Speculations are rife that with the Left alliance poised for at least a simple majority, and very likely a two-thirds majority, the new government under Oli will firmly align with China. But this would be an over-simplification of the ground realities in Nepal. Oli understands very well – as does Prachanda, who in 2009 lost his prime minister’s chair after angering India – that no government in Nepal can afford to be seen as openly anti-India. Former Indian foreign secretary Shivshankar Menon rightly refuses to label Oli ‘pro-China’ and thinks of him as ‘just another politician doing whatever is convenient to get to power’.

Oli, who was until a few years ago among India’s most trusted lieutenants in Kathmandu, embraced the pro-China nationalist image because he knew it would pay off electorally. But once in power, he will not need to be so openly hostile to India and will, in all likelihood, make efforts to mend his frayed ties with New Delhi, safe in the knowledge that there is no immediate threat to his government.

Riaz Haq said...

#Indian #Muslim: How I Got Over That Dark Geographic Shadow Called #Pakistan: “Musalman ke do hi sthaan, qabristan ya Pakistan” (A Muslim has only two choices of abode – graveyard or Pakistan). #BJP #Modi #Islamophobia … via @thewire_in

Pakistan became an enemy that came between my friends and me occasionally, and between my country and me often. My yearning for acceptance of my loyalty as an Indian was strong, even though it came at the cost of irrationally bashing ‘Pakistan’ for its cricket and its politics, and anything that kept me on ‘the side of my people’ was acceptable to me.

So, Pakistan, with which I had maintained a safe distance growing up, came close, uncomfortably close, when my husband had to travel to Pakistan for his journalistic pursuits. It was almost an irritation when my father had to go to the Pakistan High Commission to fetch my husband’s visa in his absence.

My work got me in touch with Pakistani academics and researchers, and that is when I began to know Pakistan as its people. I found a window into their research, courses, and universities, daily email exchange and communication grew, and very soon my Facebook profile could list at least a hundred ‘friends’ in Pakistan. In early 2017, as my son recovered from a major heart surgery at Jaypee Hospital, I learnt of a family who had traveled from Pakistan for their son’s surgery. Our children were in the same ICU, fighting bravely for life, and outside, their Indian and Pakistani mothers shared their grief and bonded over the pain that they were going through. After three months of tough fight, the Pakistani boy passed away, and I remember his inconsolable mother as she cried in disbelief at her misfortune and the futility of her struggle. The little hope and courage that I would gather every day to see my son for two minutes every morning in the ICU seemed ruptured, and I could feel her pain. I hugged her, as this was the only solace that I could offer to another mother, who happened to be a Pakistani.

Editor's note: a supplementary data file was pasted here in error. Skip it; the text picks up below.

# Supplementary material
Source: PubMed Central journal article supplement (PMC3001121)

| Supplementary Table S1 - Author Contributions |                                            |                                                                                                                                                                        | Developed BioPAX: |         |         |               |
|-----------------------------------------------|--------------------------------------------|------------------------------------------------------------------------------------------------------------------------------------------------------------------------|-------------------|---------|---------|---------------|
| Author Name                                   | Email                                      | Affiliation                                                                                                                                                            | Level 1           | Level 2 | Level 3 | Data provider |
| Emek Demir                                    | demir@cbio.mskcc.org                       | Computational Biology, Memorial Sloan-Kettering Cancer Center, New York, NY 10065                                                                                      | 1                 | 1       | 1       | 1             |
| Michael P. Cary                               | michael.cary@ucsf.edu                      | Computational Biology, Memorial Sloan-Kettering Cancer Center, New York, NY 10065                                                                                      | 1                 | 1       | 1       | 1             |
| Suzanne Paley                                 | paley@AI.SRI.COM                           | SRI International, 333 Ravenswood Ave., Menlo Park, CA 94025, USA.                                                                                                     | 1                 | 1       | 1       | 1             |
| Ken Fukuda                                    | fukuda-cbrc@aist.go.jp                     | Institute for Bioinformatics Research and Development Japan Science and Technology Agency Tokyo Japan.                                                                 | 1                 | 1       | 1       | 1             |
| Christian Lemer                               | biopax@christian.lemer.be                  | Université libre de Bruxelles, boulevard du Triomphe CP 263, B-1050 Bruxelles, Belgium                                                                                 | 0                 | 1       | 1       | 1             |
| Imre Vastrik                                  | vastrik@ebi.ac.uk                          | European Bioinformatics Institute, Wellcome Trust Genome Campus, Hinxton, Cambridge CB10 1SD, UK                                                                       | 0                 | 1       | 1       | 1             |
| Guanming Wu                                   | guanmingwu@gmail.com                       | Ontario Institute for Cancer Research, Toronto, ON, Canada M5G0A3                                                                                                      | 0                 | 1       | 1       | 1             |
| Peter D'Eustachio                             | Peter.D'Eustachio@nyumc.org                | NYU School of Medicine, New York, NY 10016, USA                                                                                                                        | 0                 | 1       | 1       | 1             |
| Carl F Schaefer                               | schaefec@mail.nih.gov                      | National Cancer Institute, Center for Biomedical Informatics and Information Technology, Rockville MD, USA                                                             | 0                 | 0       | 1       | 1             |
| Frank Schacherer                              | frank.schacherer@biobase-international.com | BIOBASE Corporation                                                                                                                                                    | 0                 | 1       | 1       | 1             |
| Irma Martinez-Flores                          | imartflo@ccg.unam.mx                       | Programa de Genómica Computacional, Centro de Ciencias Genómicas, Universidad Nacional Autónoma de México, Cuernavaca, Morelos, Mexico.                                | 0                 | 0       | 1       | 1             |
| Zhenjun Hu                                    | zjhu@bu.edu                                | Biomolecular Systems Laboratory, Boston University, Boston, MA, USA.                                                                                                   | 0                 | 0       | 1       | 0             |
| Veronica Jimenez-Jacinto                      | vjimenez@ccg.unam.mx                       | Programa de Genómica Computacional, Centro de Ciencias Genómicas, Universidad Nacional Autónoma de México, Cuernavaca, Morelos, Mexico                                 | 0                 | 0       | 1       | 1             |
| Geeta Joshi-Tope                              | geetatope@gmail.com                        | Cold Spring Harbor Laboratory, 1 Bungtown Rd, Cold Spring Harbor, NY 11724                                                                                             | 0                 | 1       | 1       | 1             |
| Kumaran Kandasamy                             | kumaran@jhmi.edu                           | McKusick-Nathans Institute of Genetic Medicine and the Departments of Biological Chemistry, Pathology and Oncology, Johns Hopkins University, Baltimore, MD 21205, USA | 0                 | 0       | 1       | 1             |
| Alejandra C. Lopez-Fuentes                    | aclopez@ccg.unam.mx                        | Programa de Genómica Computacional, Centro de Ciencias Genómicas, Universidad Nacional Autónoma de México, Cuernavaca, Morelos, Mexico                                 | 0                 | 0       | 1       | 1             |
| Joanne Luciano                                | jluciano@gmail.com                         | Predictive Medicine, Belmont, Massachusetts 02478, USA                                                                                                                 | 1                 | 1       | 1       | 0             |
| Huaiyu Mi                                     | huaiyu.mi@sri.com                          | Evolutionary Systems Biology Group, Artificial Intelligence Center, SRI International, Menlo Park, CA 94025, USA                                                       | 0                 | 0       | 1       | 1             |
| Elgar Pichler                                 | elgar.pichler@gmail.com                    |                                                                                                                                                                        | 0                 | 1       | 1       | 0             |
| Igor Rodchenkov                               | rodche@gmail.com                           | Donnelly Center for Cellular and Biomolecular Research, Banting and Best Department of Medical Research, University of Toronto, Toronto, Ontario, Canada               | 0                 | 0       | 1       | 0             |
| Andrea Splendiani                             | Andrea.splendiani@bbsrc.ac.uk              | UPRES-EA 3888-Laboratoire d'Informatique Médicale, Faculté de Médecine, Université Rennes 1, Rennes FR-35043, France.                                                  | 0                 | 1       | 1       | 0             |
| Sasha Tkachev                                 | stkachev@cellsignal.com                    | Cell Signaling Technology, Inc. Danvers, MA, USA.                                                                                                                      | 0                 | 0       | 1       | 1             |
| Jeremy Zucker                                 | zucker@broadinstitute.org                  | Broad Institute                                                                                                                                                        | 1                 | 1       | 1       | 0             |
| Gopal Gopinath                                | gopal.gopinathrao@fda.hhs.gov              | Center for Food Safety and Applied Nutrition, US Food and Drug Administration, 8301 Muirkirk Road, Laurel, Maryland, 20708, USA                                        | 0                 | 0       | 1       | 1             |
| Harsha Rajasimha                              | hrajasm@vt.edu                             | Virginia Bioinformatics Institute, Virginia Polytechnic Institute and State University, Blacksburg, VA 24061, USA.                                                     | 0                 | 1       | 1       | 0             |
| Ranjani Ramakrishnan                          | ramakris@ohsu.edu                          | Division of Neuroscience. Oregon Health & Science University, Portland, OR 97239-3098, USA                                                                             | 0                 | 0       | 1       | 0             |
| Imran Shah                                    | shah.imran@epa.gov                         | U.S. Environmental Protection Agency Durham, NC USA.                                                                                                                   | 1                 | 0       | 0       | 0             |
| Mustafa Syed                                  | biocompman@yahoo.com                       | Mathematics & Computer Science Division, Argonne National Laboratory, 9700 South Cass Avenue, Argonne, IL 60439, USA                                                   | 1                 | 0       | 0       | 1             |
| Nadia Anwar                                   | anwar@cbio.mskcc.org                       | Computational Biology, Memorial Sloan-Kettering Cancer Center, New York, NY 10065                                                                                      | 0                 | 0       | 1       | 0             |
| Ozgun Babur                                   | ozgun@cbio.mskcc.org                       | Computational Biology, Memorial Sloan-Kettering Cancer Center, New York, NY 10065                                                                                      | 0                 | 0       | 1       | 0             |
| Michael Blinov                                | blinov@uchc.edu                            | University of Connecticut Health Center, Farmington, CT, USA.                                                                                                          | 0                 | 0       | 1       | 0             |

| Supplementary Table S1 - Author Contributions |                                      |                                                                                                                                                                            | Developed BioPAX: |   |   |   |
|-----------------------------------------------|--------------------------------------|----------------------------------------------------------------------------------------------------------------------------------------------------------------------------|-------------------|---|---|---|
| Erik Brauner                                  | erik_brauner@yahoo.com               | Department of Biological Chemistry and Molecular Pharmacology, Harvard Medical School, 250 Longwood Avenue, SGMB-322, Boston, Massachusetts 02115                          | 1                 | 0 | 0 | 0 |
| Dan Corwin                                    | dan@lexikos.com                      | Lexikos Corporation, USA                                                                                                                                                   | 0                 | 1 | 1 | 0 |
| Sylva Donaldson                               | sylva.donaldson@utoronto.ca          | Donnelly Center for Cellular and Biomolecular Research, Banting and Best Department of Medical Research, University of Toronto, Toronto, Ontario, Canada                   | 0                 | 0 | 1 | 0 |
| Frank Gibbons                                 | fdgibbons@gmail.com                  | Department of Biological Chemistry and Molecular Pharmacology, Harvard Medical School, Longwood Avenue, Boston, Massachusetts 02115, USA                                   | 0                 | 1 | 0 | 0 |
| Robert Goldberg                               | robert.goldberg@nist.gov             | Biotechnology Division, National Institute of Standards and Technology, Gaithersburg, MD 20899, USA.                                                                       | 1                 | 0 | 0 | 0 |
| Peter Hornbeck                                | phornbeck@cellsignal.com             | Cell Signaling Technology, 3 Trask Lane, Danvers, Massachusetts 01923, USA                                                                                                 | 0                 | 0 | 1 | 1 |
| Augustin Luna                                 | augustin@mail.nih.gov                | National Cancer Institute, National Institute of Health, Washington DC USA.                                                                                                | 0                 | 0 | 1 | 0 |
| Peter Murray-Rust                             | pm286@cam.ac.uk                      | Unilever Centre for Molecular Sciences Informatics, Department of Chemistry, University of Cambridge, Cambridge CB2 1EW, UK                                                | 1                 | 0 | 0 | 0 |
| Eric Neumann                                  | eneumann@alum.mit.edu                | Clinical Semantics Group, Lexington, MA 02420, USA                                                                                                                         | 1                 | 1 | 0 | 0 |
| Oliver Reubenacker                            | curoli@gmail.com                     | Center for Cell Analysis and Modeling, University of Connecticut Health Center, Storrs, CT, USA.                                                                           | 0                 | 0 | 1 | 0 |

A few days ago, I was at the Chaophraya Emerging Leaders’ Dialogue in Bangkok. A first of its kind in a nine-year-old Track Two dialogue between India and Pakistan, the dialogue brought together mid-career professionals who represented the next generation of leadership across industry and scholarship from both countries.


I can claim to know the ‘people’ side of Pakistan now, which is as humble, passionate, and desirous of amity as are the people in India. They are also progressive, articulate, and ambitious, as are my people.

I can appreciate them for what they are without the fear of being abused and demonised for this. I have come of age. But not all Indian Muslims who are subjected to verbal abuse and violent attacks and are repeatedly asked to ‘go to Pakistan’ will have the opportunity of mental healing. School-going Muslim children, who are derogatorily called ‘Pakistani’ by their classmates, will grow up as vulnerable and marginalised adults. No cricket enthusiast will ever be able to appreciate cricket for the spirit of the game, and no one will offer a hand of friendship.

So next time, when some Vinay Katiyar (founder of Vishwa Hindu Parishad’s youth wing, Bajrang Dal) asks Indian Muslims to go to Pakistan, we should be able to tell him: I belong to India, it is my homeland, and Pakistanis are friends.

Riaz Haq said...

#Indian "journalist" Barkha Dutt tells colleague Madhu Trehan how she self-censored while reporting from #Kargil in 1999. She self-censors "anything she saw that Indian #Army did" in #Indian Occupied #Kashmir "in the interest of national security". #media